Words and Images by Josh Whitmore
I had 12 days to make it home to Asheville, NC from Front Royal, VA. On the 2nd day, I came to the conclusion that I must be crazy to attempt the route I had chosen, a combination of the “Virginia Mountain Bike Trail” (VMBT), one of the toughest bikepacking routes in the east, and part of the “Trans-WNC”. I’ve never done any bikepacking before, but carved some time off work and was yearning for an adventure. I had just spent 2 hours pushing my impossibly heavy mountain bike up an impossibly steep and rocky climb to cover a measly 2 miles. I sat down at the top, head in hands, contemplating the enormity of the challenge I had just undertaken. As it started to rain, I could hear thunder in the distance, so I shortened my break and pushed onward to get off the top of the high ridge-line that would surely be attracting lightning strikes in the near future.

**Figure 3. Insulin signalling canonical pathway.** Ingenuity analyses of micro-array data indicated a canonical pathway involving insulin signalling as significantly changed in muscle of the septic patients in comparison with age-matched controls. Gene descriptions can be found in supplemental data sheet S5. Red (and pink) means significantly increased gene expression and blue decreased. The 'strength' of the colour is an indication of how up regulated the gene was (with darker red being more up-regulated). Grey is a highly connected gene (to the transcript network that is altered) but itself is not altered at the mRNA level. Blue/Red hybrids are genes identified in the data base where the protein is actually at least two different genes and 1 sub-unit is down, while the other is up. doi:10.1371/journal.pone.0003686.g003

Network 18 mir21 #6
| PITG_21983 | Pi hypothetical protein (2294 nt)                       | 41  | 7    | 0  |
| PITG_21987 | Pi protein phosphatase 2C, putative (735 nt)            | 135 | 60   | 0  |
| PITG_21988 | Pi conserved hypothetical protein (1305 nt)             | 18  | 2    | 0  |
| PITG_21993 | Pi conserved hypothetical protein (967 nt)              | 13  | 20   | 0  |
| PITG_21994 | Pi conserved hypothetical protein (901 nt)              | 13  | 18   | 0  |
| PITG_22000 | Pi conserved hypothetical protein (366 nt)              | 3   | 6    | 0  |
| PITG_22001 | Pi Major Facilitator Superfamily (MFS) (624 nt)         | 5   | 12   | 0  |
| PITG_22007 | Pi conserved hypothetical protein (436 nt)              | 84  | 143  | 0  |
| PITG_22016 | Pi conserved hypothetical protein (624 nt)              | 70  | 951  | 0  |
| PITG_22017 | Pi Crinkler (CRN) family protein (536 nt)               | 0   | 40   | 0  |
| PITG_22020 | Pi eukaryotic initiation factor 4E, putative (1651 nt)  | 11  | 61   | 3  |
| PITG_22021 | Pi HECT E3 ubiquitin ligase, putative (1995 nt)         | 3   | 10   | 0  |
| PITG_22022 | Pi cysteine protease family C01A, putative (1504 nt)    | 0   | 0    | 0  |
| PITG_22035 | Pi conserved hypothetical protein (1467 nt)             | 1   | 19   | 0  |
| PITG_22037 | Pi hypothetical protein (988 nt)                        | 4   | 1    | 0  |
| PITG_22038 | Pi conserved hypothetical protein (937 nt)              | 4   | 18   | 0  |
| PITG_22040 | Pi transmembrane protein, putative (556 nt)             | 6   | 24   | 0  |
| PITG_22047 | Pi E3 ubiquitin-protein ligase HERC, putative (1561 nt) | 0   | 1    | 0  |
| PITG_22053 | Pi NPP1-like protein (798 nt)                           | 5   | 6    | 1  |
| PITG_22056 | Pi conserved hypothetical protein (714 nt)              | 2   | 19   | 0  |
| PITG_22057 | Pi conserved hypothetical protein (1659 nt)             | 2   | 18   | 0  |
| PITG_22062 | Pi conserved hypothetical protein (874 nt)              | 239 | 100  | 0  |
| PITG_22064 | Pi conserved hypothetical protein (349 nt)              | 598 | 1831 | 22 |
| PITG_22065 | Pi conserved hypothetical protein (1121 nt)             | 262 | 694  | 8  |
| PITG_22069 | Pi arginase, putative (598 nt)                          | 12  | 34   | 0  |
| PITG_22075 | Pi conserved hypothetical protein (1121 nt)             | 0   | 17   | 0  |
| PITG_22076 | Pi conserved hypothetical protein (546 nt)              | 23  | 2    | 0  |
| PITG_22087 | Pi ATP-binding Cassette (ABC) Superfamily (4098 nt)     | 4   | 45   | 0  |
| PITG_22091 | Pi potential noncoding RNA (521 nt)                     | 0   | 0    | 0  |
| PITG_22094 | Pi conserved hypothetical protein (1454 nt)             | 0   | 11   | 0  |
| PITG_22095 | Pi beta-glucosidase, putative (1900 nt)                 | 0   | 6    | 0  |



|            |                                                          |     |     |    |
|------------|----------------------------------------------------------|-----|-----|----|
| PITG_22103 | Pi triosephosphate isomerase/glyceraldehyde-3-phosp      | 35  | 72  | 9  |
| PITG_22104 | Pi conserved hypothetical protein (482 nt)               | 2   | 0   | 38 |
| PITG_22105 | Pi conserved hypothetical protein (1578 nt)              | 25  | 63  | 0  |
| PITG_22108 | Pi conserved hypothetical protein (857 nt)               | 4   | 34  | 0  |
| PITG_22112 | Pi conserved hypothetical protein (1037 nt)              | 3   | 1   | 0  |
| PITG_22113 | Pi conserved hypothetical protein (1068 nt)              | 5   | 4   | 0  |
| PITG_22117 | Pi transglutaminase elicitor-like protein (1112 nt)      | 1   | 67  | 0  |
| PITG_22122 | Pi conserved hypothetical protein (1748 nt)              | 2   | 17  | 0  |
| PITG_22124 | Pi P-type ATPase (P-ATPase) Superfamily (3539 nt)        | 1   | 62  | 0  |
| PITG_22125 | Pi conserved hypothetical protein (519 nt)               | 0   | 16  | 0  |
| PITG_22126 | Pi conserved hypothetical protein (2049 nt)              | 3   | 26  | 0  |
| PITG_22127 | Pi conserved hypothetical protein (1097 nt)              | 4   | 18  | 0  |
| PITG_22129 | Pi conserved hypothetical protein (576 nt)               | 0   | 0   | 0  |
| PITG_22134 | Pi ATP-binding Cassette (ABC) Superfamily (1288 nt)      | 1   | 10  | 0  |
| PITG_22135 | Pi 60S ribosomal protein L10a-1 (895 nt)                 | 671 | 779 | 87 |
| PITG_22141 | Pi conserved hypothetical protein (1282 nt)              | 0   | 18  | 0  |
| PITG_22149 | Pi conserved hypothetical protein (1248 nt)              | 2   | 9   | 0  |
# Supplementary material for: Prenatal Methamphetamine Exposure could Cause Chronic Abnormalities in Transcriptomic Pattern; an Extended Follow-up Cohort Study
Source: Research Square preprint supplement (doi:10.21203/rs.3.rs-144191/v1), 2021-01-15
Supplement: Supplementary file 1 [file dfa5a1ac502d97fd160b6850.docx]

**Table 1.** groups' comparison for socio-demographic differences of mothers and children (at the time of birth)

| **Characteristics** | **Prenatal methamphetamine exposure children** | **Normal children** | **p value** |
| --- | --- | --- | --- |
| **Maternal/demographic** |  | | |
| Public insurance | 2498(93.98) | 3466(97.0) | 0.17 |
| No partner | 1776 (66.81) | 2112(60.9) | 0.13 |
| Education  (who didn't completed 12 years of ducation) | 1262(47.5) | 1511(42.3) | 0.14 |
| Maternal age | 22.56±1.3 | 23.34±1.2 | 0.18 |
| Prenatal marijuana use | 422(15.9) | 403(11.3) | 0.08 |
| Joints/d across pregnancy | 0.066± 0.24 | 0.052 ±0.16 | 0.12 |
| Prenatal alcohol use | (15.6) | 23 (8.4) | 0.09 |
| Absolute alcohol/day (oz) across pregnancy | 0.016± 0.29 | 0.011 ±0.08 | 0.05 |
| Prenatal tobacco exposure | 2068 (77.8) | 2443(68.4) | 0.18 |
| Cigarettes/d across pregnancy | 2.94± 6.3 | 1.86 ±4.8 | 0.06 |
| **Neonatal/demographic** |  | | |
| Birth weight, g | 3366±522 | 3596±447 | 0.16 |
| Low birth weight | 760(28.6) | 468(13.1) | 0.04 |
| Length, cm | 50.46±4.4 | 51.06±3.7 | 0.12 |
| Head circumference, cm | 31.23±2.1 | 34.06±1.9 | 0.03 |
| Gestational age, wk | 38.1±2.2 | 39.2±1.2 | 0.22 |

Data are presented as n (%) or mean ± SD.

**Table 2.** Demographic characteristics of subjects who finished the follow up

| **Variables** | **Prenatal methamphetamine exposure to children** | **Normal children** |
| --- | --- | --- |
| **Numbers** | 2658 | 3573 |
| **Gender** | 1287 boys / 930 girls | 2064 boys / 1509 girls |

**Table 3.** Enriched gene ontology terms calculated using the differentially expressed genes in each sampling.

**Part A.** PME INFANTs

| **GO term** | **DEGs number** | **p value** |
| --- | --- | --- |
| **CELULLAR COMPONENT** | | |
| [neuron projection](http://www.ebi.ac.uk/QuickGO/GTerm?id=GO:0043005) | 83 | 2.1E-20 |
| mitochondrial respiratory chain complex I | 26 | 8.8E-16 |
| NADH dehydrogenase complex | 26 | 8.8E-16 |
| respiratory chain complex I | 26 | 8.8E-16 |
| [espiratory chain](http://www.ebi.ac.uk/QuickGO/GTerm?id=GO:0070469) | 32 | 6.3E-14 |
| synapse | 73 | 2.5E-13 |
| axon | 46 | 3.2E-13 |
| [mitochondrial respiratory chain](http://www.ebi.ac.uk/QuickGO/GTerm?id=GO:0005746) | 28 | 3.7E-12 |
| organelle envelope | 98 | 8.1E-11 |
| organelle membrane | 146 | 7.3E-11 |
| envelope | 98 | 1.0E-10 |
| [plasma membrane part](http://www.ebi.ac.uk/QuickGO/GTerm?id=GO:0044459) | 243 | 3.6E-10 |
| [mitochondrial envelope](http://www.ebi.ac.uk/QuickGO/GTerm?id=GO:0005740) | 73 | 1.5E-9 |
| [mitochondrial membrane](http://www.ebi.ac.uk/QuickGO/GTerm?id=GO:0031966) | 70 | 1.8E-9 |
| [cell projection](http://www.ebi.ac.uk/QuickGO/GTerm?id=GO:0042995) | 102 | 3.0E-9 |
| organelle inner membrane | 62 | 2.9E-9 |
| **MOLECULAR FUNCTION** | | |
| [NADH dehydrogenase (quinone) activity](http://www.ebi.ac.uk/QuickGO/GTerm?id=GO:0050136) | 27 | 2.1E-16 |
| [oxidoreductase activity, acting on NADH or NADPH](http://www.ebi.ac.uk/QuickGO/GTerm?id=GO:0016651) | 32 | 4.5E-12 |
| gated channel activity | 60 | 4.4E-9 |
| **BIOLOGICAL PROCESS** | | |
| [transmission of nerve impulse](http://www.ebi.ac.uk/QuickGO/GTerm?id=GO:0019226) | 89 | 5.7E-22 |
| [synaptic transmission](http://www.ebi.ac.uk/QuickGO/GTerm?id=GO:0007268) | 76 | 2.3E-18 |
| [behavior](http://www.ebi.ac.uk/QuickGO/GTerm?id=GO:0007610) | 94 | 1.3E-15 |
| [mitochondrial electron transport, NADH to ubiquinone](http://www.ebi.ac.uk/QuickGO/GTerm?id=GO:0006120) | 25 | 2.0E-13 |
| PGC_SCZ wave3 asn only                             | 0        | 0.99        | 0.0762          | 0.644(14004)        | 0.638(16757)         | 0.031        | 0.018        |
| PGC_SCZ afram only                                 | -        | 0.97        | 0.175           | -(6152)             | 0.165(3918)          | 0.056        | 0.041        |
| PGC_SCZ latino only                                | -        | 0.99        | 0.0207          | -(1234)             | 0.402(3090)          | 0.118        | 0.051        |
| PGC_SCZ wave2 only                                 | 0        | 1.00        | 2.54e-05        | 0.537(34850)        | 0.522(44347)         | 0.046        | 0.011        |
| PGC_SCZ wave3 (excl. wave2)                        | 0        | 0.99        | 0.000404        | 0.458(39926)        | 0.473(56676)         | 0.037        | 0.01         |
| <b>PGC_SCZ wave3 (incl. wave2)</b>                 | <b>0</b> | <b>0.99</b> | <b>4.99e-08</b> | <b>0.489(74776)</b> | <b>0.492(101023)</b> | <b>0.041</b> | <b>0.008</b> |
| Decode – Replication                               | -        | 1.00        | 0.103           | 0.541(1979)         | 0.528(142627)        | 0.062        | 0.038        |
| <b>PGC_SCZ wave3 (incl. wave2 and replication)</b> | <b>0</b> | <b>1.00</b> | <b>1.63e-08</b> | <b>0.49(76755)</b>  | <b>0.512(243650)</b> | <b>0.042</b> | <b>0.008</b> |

Although my current career as a full time cycling coach and mountain bike skills instructor mostly sees me return home each evening, I pine to get away from it all and challenge myself on multi-day adventures in the mountains. I always make time each year to tackle some new journey with uncertain outcomes. The VMBT seemed like a low cost and easy way for me to be self sufficient to make an adventure happen. I downloaded the GPS route onto my Wahoo ELEMNT BOLT, rented a car in Asheville, loaded my bike with mostly borrowed bikepacking gear, and drove north. I abandoned the car at the rental agency in Front Royal, pulled my bike out the back, and started pedalling south. I knew from the maps, I had over 600 miles to cover with more than 60,000ft of elevation gain. From all the route descriptions and reports, I gathered that lots of this route tackled some of the most challenging and remote trail terrain available between Front Royal and Damascus, VA, mostly along the Virginia / West Virginia border. Once finished with the VMBT in Damascus, I’d hop on the Trans-WNC route to take me the rest of the way home in Asheville. The challenge seemed audacious, but maybe just what I was looking for.